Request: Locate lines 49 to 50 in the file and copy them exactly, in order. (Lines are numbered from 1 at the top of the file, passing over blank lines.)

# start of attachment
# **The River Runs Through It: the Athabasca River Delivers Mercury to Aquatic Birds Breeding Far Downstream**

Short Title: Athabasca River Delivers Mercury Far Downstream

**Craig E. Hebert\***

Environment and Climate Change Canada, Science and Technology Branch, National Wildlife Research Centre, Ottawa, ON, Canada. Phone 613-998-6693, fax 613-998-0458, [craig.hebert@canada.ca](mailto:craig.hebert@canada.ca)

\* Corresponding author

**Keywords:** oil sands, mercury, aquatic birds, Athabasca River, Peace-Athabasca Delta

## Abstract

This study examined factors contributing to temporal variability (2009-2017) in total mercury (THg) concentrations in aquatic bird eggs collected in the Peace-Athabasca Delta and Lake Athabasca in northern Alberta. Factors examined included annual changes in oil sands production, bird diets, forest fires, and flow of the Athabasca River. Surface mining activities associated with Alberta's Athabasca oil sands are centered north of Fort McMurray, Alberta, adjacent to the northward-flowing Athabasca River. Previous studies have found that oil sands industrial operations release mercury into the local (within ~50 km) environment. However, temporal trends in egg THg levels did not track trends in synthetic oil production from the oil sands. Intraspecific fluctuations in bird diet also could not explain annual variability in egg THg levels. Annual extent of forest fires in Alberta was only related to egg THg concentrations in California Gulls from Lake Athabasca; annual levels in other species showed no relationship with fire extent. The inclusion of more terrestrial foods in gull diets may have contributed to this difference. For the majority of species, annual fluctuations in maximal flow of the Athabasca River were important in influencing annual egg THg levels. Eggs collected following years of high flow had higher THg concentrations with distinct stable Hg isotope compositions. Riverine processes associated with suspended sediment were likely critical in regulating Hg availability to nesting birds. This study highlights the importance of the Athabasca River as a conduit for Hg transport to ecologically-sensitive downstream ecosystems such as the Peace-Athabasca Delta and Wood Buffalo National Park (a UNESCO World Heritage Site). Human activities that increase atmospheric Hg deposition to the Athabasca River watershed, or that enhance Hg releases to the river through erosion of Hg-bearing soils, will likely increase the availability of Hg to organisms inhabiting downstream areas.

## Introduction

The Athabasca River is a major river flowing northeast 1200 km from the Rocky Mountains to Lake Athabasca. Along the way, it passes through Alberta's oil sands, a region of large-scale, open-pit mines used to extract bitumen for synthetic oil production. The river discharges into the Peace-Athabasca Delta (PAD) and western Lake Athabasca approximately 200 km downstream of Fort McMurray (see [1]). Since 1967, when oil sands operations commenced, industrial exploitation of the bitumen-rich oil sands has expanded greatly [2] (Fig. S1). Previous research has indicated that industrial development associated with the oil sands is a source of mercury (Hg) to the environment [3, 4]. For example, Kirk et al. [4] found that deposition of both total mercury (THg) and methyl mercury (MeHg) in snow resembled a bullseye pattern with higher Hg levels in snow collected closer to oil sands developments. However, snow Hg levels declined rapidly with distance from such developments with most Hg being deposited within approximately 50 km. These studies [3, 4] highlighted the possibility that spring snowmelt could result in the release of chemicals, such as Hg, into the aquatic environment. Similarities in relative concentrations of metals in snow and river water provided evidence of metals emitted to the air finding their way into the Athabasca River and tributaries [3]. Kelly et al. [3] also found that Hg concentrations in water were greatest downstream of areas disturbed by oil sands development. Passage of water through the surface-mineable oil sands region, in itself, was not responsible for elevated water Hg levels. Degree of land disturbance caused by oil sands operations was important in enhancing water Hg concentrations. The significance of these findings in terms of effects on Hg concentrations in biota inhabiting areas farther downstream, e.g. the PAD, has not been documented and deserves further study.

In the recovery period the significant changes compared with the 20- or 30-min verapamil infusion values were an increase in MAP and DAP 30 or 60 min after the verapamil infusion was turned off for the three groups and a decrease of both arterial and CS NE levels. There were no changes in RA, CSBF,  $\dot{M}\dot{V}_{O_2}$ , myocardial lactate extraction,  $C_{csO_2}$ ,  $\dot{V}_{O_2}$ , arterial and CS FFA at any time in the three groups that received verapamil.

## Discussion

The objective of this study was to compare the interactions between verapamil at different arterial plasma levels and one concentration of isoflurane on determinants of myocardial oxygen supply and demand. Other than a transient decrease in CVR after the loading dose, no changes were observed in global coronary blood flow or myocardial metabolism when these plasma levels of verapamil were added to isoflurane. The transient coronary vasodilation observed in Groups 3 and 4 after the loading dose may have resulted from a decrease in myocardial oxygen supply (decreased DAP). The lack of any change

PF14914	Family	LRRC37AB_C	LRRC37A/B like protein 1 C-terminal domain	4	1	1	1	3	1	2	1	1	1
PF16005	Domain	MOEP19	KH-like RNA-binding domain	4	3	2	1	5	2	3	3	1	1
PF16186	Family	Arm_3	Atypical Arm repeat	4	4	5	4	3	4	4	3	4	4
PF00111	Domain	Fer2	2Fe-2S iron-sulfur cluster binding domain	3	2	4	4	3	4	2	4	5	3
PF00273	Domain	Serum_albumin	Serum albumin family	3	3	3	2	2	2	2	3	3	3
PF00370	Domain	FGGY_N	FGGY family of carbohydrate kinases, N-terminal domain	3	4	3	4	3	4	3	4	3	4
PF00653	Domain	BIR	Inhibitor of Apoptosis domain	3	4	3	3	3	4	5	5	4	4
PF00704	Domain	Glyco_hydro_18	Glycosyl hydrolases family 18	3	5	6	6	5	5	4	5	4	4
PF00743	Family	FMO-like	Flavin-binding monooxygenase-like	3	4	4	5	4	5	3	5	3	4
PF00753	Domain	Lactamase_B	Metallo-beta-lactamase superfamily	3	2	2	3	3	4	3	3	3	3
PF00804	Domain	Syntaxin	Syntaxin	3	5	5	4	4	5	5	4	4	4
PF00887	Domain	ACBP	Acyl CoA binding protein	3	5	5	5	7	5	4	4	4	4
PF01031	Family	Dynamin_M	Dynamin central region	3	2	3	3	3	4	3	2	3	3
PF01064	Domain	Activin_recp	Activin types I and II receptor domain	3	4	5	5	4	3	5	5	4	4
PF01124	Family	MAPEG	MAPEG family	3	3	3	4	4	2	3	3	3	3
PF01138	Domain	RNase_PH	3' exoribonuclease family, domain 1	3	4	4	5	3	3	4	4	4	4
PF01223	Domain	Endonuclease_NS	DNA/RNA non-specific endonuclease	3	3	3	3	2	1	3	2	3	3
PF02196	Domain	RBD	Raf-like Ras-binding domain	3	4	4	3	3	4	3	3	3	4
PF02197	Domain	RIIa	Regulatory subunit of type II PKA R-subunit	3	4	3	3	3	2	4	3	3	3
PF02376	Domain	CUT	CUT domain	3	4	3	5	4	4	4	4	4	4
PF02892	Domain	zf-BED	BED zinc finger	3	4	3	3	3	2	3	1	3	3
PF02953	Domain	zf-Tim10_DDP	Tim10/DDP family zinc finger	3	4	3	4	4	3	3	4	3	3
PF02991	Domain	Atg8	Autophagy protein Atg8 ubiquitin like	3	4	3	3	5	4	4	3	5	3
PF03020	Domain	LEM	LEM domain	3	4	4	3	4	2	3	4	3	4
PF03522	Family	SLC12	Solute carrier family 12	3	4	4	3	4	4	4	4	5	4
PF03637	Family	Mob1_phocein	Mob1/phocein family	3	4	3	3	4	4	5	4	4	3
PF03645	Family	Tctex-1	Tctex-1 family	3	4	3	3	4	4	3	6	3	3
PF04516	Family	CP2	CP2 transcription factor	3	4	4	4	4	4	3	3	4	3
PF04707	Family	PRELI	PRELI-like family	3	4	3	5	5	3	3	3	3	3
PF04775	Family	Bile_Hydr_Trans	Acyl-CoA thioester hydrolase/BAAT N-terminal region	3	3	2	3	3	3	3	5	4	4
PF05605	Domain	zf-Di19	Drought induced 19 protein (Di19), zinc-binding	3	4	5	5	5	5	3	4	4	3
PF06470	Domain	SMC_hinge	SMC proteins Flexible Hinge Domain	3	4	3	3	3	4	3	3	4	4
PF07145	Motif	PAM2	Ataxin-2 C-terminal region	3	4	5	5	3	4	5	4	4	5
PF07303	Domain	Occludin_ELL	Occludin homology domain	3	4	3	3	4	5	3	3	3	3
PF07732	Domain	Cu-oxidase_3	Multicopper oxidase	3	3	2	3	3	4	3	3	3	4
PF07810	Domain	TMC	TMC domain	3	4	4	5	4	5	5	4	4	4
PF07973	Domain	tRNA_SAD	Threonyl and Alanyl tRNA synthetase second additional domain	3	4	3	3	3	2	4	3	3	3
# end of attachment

PF07810	Domain	TMC	TMC domain	3	4	4	5	4	5	5	4	4	4
PF07973	Domain	tRNA_SAD	Threonyl and Alanyl tRNA synthetase second additional domain	3	4	3	3	3	2	4	3	3	3